A new poll published by industry journal PR Week recently revealed that we have comically low levels of trust in public institutions, with Pollsters (people who conduct or analyse polls) having the lowest trust ratings of all, at just 2.25%.
The survey also found that statements made by civil servants (such as politicians) are far less trusted than those of people in the professions, such as medicine and teaching.
Considering that the professions have been demonised increasingly over the years by politicians and the media — especially when taking strike action such as the Junior Doctors — the findings are a cause to be optimistic.
People aren’t buying the lies and propaganda of the government, they trust the professionals far more than they do the state propaganda system.
The survey carried out by Atomik Research (an online market research company) on behalf of PR Week, asked a cross-section of 2,000 people to choose from a list of public sector professions — asking them whose statements they trusted the most if they saw them quoted in the mainstream media — the results are highly telling….
The public trusts statements made by Pollsters the least, gaining a rating of just 2.25% — basically meaning that absolutely nobody trusts Pollsters anymore.
This is not surprising given the election of Trump as US President — in which Pollsters endlessly claimed that Clinton had a 98% chance of winning.
Mixed with other polling disasters such as Brexit (to be fair the polls were always close for that, but the mainstream media quickly forgot that part, preferring instead to blame incorrect polling.) And our 2015 general election, which the polls indicated would be much closer than it actually was.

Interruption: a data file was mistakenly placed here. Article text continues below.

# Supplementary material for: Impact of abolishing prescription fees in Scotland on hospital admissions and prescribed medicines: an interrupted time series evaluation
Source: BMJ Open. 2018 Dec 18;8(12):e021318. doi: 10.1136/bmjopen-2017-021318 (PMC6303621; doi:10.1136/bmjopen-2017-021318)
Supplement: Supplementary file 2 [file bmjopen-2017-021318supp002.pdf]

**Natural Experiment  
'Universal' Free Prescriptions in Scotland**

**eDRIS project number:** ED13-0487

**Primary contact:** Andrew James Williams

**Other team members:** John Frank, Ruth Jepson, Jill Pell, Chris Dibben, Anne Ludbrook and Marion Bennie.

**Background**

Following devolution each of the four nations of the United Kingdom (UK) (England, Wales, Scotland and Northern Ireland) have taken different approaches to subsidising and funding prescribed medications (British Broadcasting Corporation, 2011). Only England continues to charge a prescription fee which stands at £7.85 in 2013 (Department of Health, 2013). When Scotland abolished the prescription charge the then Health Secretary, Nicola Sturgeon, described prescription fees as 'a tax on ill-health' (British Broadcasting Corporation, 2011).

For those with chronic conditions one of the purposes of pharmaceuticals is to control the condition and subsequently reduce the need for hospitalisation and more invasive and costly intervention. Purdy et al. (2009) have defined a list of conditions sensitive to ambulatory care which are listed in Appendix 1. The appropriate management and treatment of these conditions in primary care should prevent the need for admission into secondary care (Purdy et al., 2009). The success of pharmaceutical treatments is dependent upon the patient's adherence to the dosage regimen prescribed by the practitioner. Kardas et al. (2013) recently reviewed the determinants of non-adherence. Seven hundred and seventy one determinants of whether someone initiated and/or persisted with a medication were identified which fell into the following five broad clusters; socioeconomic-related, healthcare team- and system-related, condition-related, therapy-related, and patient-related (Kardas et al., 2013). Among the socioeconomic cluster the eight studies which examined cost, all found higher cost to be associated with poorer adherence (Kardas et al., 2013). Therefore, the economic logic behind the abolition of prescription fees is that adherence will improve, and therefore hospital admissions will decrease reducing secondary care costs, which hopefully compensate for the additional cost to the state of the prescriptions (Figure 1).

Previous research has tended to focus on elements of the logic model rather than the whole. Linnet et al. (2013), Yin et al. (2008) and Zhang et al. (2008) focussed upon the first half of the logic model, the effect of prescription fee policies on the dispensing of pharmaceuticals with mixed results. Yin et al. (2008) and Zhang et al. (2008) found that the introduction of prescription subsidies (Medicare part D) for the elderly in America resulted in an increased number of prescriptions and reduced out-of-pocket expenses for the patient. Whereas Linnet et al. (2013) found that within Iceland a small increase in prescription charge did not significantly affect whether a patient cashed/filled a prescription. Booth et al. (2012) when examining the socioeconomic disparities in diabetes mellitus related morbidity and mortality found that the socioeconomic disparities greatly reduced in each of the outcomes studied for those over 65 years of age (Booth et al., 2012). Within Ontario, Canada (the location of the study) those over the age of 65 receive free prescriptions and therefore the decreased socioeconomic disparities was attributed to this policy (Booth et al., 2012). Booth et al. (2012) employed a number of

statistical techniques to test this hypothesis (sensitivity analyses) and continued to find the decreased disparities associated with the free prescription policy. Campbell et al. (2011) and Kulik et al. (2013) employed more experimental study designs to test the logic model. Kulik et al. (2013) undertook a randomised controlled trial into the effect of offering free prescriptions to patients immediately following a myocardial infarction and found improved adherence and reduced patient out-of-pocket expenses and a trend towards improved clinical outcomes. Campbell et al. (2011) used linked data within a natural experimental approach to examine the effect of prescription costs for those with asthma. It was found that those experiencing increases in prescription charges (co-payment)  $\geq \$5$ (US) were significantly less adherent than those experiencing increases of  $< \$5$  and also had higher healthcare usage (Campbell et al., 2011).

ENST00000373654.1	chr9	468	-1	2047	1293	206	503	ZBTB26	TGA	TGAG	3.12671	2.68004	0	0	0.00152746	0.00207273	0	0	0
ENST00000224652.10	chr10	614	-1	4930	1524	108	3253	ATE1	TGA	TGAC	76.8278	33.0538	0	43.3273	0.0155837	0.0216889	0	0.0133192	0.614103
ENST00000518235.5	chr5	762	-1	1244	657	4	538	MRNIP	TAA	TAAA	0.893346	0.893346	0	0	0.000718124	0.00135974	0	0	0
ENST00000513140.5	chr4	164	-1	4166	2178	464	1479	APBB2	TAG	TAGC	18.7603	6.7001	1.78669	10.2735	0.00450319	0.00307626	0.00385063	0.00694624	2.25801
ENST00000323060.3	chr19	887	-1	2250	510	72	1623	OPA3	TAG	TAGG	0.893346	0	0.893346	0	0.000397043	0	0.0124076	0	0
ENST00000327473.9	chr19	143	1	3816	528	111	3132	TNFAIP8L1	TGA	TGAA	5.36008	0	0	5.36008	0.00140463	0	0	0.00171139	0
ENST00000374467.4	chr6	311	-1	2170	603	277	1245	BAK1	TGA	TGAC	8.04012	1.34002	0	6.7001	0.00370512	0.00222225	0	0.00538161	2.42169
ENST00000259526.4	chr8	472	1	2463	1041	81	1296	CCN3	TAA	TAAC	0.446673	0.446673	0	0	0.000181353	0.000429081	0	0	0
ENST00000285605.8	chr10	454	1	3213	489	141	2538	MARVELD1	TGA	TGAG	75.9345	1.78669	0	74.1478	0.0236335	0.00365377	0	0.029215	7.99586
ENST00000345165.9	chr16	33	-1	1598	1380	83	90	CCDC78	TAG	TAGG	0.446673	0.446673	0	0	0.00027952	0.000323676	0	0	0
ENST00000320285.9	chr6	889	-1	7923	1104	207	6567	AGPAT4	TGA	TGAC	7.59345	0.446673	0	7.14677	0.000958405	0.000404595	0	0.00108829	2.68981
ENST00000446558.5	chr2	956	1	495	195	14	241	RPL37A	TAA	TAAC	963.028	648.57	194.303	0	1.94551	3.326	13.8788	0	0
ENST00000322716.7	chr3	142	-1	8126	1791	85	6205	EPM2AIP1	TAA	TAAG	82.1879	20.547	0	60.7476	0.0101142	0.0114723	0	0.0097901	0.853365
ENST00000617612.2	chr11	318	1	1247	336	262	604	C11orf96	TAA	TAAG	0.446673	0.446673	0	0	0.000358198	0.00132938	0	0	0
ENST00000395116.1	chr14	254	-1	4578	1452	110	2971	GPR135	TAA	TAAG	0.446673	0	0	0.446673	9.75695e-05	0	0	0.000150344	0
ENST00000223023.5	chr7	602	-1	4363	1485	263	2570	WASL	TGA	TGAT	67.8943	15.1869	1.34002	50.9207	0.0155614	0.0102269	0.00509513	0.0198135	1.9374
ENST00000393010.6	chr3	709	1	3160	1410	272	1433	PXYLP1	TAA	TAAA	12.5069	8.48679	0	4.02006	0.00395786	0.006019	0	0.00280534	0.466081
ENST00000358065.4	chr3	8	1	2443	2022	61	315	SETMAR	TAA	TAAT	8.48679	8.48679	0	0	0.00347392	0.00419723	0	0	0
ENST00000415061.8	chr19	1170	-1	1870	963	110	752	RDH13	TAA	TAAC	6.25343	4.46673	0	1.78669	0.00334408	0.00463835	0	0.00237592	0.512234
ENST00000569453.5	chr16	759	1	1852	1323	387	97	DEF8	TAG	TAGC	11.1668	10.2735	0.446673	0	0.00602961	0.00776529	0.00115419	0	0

This also raises the question: how much do people trust the polling taken about Corbyn?
Somebody who are told by “expert” left-wing pundits like Owen Jones — is chronically unelectable according to polling, and that a snap general election would certainly lead to a victory by Theresa May (given that supposed certainty, why don’t the Tories call a snap election? Has anybody else ever wondered that?)
Trust ratings for statements made by government figures, bodies, institutions, etc also show incredibly poor ratings — none of them managing above 10%.
Polling consistently shows a widespread distrust of government — the results here are not surprising, however, the incredibly low trust ratings of Pollsters actually does seem somewhat surprising, given the claims of the Pollsters that they are “scientific”, etc. Apparently then, nobody is buying their scientific methods these days (with good reason in my opinion.)
The survey says that statements made by Doctors in the mainstream media are the most trusted.
With teachers coming second place.
The police came third with a trust rating of 29%.
The survey also revealed — as has been shown consistently — that the public has little faith in the way that the government is handling Brexit. Further to this, they found that the public has almost no awareness of the “Department for Exiting the European Union”.
The survey also holds some (slightly) surprising findings — with young people having more trust in statements made by the government than older people. Although, it is still worth remembering that even 14% is a pretty low number.